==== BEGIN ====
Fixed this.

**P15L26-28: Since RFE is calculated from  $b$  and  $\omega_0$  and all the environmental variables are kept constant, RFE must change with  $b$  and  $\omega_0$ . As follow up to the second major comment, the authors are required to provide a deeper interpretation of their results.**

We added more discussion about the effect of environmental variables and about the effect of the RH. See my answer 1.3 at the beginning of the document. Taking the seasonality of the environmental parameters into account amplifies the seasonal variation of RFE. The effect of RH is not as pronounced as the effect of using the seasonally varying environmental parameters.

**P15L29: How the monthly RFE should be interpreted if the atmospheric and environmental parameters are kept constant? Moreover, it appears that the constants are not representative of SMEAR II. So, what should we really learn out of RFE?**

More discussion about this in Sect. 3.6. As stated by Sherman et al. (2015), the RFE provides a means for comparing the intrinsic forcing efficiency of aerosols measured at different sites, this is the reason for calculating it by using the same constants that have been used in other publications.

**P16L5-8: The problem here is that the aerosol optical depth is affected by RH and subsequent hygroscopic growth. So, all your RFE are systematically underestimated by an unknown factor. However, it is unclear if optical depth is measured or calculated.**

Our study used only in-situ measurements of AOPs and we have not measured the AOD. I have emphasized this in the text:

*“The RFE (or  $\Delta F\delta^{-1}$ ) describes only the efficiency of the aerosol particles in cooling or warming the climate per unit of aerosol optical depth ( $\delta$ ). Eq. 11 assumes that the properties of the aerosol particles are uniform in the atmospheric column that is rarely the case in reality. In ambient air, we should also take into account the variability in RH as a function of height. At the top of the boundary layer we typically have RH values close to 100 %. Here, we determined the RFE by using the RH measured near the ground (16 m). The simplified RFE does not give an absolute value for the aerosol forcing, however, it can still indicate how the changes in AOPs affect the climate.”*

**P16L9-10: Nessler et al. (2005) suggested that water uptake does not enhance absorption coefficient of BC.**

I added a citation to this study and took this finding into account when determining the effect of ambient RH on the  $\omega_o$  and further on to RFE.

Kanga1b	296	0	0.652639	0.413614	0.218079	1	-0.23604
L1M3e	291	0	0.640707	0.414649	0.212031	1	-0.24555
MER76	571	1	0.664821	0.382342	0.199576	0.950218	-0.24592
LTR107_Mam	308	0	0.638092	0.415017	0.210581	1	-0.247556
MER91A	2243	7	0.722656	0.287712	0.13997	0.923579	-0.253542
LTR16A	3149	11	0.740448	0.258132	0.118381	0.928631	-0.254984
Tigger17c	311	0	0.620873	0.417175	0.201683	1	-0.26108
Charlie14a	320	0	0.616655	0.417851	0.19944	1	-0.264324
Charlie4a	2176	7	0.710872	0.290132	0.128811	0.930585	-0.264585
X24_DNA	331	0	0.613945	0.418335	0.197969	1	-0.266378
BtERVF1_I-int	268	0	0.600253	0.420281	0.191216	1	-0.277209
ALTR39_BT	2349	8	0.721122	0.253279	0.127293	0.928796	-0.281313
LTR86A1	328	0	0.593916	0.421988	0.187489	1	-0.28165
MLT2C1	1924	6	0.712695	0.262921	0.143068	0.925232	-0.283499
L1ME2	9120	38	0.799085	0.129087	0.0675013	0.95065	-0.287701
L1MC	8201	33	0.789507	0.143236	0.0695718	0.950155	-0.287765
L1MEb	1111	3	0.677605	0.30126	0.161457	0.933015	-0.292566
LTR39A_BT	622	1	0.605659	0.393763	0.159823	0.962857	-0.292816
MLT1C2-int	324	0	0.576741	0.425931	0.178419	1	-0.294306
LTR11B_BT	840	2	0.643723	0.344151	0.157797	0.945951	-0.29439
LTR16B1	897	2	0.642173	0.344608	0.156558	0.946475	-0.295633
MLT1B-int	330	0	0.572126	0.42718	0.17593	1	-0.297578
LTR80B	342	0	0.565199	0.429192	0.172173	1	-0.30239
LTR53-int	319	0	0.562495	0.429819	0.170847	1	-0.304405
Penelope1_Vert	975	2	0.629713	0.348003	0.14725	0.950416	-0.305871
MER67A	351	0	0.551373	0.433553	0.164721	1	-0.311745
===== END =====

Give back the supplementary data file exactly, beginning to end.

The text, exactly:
Fixed this.

**P15L26-28: Since RFE is calculated from  $b$  and  $\omega_0$  and all the environmental variables are kept constant, RFE must change with  $b$  and  $\omega_0$ . As follow up to the second major comment, the authors are required to provide a deeper interpretation of their results.**

We added more discussion about the effect of environmental variables and about the effect of the RH. See my answer 1.3 at the beginning of the document. Taking the seasonality of the environmental parameters into account amplifies the seasonal variation of RFE. The effect of RH is not as pronounced as the effect of using the seasonally varying environmental parameters.

**P15L29: How the monthly RFE should be interpreted if the atmospheric and environmental parameters are kept constant? Moreover, it appears that the constants are not representative of SMEAR II. So, what should we really learn out of RFE?**

More discussion about this in Sect. 3.6. As stated by Sherman et al. (2015), the RFE provides a means for comparing the intrinsic forcing efficiency of aerosols measured at different sites, this is the reason for calculating it by using the same constants that have been used in other publications.

**P16L5-8: The problem here is that the aerosol optical depth is affected by RH and subsequent hygroscopic growth. So, all your RFE are systematically underestimated by an unknown factor. However, it is unclear if optical depth is measured or calculated.**

Our study used only in-situ measurements of AOPs and we have not measured the AOD. I have emphasized this in the text:

*“The RFE (or  $\Delta F\delta^{-1}$ ) describes only the efficiency of the aerosol particles in cooling or warming the climate per unit of aerosol optical depth ( $\delta$ ). Eq. 11 assumes that the properties of the aerosol particles are uniform in the atmospheric column that is rarely the case in reality. In ambient air, we should also take into account the variability in RH as a function of height. At the top of the boundary layer we typically have RH values close to 100 %. Here, we determined the RFE by using the RH measured near the ground (16 m). The simplified RFE does not give an absolute value for the aerosol forcing, however, it can still indicate how the changes in AOPs affect the climate.”*

**P16L9-10: Nessler et al. (2005) suggested that water uptake does not enhance absorption coefficient of BC.**

I added a citation to this study and took this finding into account when determining the effect of ambient RH on the  $\omega_o$  and further on to RFE.

Kanga1b	296	0	0.652639	0.413614	0.218079	1	-0.23604
L1M3e	291	0	0.640707	0.414649	0.212031	1	-0.24555
MER76	571	1	0.664821	0.382342	0.199576	0.950218	-0.24592
LTR107_Mam	308	0	0.638092	0.415017	0.210581	1	-0.247556
MER91A	2243	7	0.722656	0.287712	0.13997	0.923579	-0.253542
LTR16A	3149	11	0.740448	0.258132	0.118381	0.928631	-0.254984
Tigger17c	311	0	0.620873	0.417175	0.201683	1	-0.26108
Charlie14a	320	0	0.616655	0.417851	0.19944	1	-0.264324
Charlie4a	2176	7	0.710872	0.290132	0.128811	0.930585	-0.264585
X24_DNA	331	0	0.613945	0.418335	0.197969	1	-0.266378
BtERVF1_I-int	268	0	0.600253	0.420281	0.191216	1	-0.277209
ALTR39_BT	2349	8	0.721122	0.253279	0.127293	0.928796	-0.281313
LTR86A1	328	0	0.593916	0.421988	0.187489	1	-0.28165
MLT2C1	1924	6	0.712695	0.262921	0.143068	0.925232	-0.283499
L1ME2	9120	38	0.799085	0.129087	0.0675013	0.95065	-0.287701
L1MC	8201	33	0.789507	0.143236	0.0695718	0.950155	-0.287765
L1MEb	1111	3	0.677605	0.30126	0.161457	0.933015	-0.292566
LTR39A_BT	622	1	0.605659	0.393763	0.159823	0.962857	-0.292816
MLT1C2-int	324	0	0.576741	0.425931	0.178419	1	-0.294306
LTR11B_BT	840	2	0.643723	0.344151	0.157797	0.945951	-0.29439
LTR16B1	897	2	0.642173	0.344608	0.156558	0.946475	-0.295633
MLT1B-int	330	0	0.572126	0.42718	0.17593	1	-0.297578
LTR80B	342	0	0.565199	0.429192	0.172173	1	-0.30239
LTR53-int	319	0	0.562495	0.429819	0.170847	1	-0.304405
Penelope1_Vert	975	2	0.629713	0.348003	0.14725	0.950416	-0.305871
MER67A	351	0	0.551373	0.433553	0.164721	1	-0.311745